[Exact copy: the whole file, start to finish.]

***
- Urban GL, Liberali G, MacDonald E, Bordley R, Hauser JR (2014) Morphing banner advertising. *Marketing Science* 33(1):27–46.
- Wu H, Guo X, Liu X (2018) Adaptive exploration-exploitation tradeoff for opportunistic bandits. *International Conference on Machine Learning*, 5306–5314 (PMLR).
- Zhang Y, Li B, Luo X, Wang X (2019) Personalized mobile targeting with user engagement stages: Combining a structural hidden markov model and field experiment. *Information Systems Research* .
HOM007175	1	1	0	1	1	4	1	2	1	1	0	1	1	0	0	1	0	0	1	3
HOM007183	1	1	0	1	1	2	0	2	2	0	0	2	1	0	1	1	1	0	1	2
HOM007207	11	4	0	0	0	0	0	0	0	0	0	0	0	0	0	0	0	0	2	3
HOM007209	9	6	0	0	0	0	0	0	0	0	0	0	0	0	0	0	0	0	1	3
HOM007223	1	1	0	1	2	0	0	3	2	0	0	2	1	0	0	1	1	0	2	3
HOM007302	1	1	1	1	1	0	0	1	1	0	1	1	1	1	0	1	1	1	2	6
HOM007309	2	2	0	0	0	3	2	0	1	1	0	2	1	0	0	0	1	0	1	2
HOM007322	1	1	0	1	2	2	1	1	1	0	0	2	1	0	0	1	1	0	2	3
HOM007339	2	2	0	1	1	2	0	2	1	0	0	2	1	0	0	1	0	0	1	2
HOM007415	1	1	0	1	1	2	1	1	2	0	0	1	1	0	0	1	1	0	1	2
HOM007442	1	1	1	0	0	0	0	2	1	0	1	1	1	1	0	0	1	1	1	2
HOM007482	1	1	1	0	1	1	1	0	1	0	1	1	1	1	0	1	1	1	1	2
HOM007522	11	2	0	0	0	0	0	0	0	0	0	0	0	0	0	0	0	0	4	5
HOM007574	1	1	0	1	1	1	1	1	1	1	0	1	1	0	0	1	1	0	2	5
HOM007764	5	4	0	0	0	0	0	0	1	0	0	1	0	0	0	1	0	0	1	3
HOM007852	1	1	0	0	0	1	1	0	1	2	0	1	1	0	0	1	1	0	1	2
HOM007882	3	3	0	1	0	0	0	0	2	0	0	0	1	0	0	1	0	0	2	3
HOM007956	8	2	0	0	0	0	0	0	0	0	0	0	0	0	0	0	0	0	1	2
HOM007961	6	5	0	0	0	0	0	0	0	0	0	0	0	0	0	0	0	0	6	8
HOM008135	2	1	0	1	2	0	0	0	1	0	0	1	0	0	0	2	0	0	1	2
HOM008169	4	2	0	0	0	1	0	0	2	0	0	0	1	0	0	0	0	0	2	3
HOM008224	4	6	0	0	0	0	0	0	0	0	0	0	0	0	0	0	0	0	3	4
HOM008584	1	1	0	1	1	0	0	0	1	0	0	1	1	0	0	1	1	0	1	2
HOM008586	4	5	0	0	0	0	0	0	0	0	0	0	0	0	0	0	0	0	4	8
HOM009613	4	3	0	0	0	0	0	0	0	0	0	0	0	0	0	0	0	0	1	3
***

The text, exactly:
- Urban GL, Liberali G, MacDonald E, Bordley R, Hauser JR (2014) Morphing banner advertising. *Marketing Science* 33(1):27–46.
- Wu H, Guo X, Liu X (2018) Adaptive exploration-exploitation tradeoff for opportunistic bandits. *International Conference on Machine Learning*, 5306–5314 (PMLR).
- Zhang Y, Li B, Luo X, Wang X (2019) Personalized mobile targeting with user engagement stages: Combining a structural hidden markov model and field experiment. *Information Systems Research* .
HOM007175	1	1	0	1	1	4	1	2	1	1	0	1	1	0	0	1	0	0	1	3
HOM007183	1	1	0	1	1	2	0	2	2	0	0	2	1	0	1	1	1	0	1	2
HOM007207	11	4	0	0	0	0	0	0	0	0	0	0	0	0	0	0	0	0	2	3
HOM007209	9	6	0	0	0	0	0	0	0	0	0	0	0	0	0	0	0	0	1	3
HOM007223	1	1	0	1	2	0	0	3	2	0	0	2	1	0	0	1	1	0	2	3
HOM007302	1	1	1	1	1	0	0	1	1	0	1	1	1	1	0	1	1	1	2	6
HOM007309	2	2	0	0	0	3	2	0	1	1	0	2	1	0	0	0	1	0	1	2
HOM007322	1	1	0	1	2	2	1	1	1	0	0	2	1	0	0	1	1	0	2	3
HOM007339	2	2	0	1	1	2	0	2	1	0	0	2	1	0	0	1	0	0	1	2
HOM007415	1	1	0	1	1	2	1	1	2	0	0	1	1	0	0	1	1	0	1	2
HOM007442	1	1	1	0	0	0	0	2	1	0	1	1	1	1	0	0	1	1	1	2
HOM007482	1	1	1	0	1	1	1	0	1	0	1	1	1	1	0	1	1	1	1	2
HOM007522	11	2	0	0	0	0	0	0	0	0	0	0	0	0	0	0	0	0	4	5
HOM007574	1	1	0	1	1	1	1	1	1	1	0	1	1	0	0	1	1	0	2	5
HOM007764	5	4	0	0	0	0	0	0	1	0	0	1	0	0	0	1	0	0	1	3
HOM007852	1	1	0	0	0	1	1	0	1	2	0	1	1	0	0	1	1	0	1	2
HOM007882	3	3	0	1	0	0	0	0	2	0	0	0	1	0	0	1	0	0	2	3
HOM007956	8	2	0	0	0	0	0	0	0	0	0	0	0	0	0	0	0	0	1	2
HOM007961	6	5	0	0	0	0	0	0	0	0	0	0	0	0	0	0	0	0	6	8
HOM008135	2	1	0	1	2	0	0	0	1	0	0	1	0	0	0	2	0	0	1	2
HOM008169	4	2	0	0	0	1	0	0	2	0	0	0	1	0	0	0	0	0	2	3
HOM008224	4	6	0	0	0	0	0	0	0	0	0	0	0	0	0	0	0	0	3	4
HOM008584	1	1	0	1	1	0	0	0	1	0	0	1	1	0	0	1	1	0	1	2
HOM008586	4	5	0	0	0	0	0	0	0	0	0	0	0	0	0	0	0	0	4	8
HOM009613	4	3	0	0	0	0	0	0	0	0	0	0	0	0	0	0	0	0	1	3